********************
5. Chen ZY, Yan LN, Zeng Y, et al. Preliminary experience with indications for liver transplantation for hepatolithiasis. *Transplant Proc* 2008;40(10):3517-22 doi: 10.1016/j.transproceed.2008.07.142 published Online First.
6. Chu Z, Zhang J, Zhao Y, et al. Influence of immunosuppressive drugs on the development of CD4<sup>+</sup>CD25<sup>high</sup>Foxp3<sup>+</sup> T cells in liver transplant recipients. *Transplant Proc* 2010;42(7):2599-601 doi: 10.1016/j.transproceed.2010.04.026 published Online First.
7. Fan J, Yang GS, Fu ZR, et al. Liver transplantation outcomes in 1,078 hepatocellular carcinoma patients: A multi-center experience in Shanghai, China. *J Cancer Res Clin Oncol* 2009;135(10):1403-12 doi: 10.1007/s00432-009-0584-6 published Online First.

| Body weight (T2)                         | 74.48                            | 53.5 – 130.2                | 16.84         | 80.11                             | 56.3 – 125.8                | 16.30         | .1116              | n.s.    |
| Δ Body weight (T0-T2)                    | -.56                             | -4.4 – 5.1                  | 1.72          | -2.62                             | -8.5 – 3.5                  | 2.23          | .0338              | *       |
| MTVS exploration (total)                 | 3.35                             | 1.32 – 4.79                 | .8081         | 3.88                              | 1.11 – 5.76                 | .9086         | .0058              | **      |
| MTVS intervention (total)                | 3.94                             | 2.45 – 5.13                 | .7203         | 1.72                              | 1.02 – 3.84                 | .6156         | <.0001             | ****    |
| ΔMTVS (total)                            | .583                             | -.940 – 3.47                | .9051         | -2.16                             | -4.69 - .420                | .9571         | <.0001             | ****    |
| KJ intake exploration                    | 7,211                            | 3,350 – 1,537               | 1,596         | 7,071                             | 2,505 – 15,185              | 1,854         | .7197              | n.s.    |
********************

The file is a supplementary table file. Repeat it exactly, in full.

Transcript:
5. Chen ZY, Yan LN, Zeng Y, et al. Preliminary experience with indications for liver transplantation for hepatolithiasis. *Transplant Proc* 2008;40(10):3517-22 doi: 10.1016/j.transproceed.2008.07.142 published Online First.
6. Chu Z, Zhang J, Zhao Y, et al. Influence of immunosuppressive drugs on the development of CD4<sup>+</sup>CD25<sup>high</sup>Foxp3<sup>+</sup> T cells in liver transplant recipients. *Transplant Proc* 2010;42(7):2599-601 doi: 10.1016/j.transproceed.2010.04.026 published Online First.
7. Fan J, Yang GS, Fu ZR, et al. Liver transplantation outcomes in 1,078 hepatocellular carcinoma patients: A multi-center experience in Shanghai, China. *J Cancer Res Clin Oncol* 2009;135(10):1403-12 doi: 10.1007/s00432-009-0584-6 published Online First.

| Body weight (T2)                         | 74.48                            | 53.5 – 130.2                | 16.84         | 80.11                             | 56.3 – 125.8                | 16.30         | .1116              | n.s.    |
| Δ Body weight (T0-T2)                    | -.56                             | -4.4 – 5.1                  | 1.72          | -2.62                             | -8.5 – 3.5                  | 2.23          | .0338              | *       |
| MTVS exploration (total)                 | 3.35                             | 1.32 – 4.79                 | .8081         | 3.88                              | 1.11 – 5.76                 | .9086         | .0058              | **      |
| MTVS intervention (total)                | 3.94                             | 2.45 – 5.13                 | .7203         | 1.72                              | 1.02 – 3.84                 | .6156         | <.0001             | ****    |
| ΔMTVS (total)                            | .583                             | -.940 – 3.47                | .9051         | -2.16                             | -4.69 - .420                | .9571         | <.0001             | ****    |
| KJ intake exploration                    | 7,211                            | 3,350 – 1,537               | 1,596         | 7,071                             | 2,505 – 15,185              | 1,854         | .7197              | n.s.    |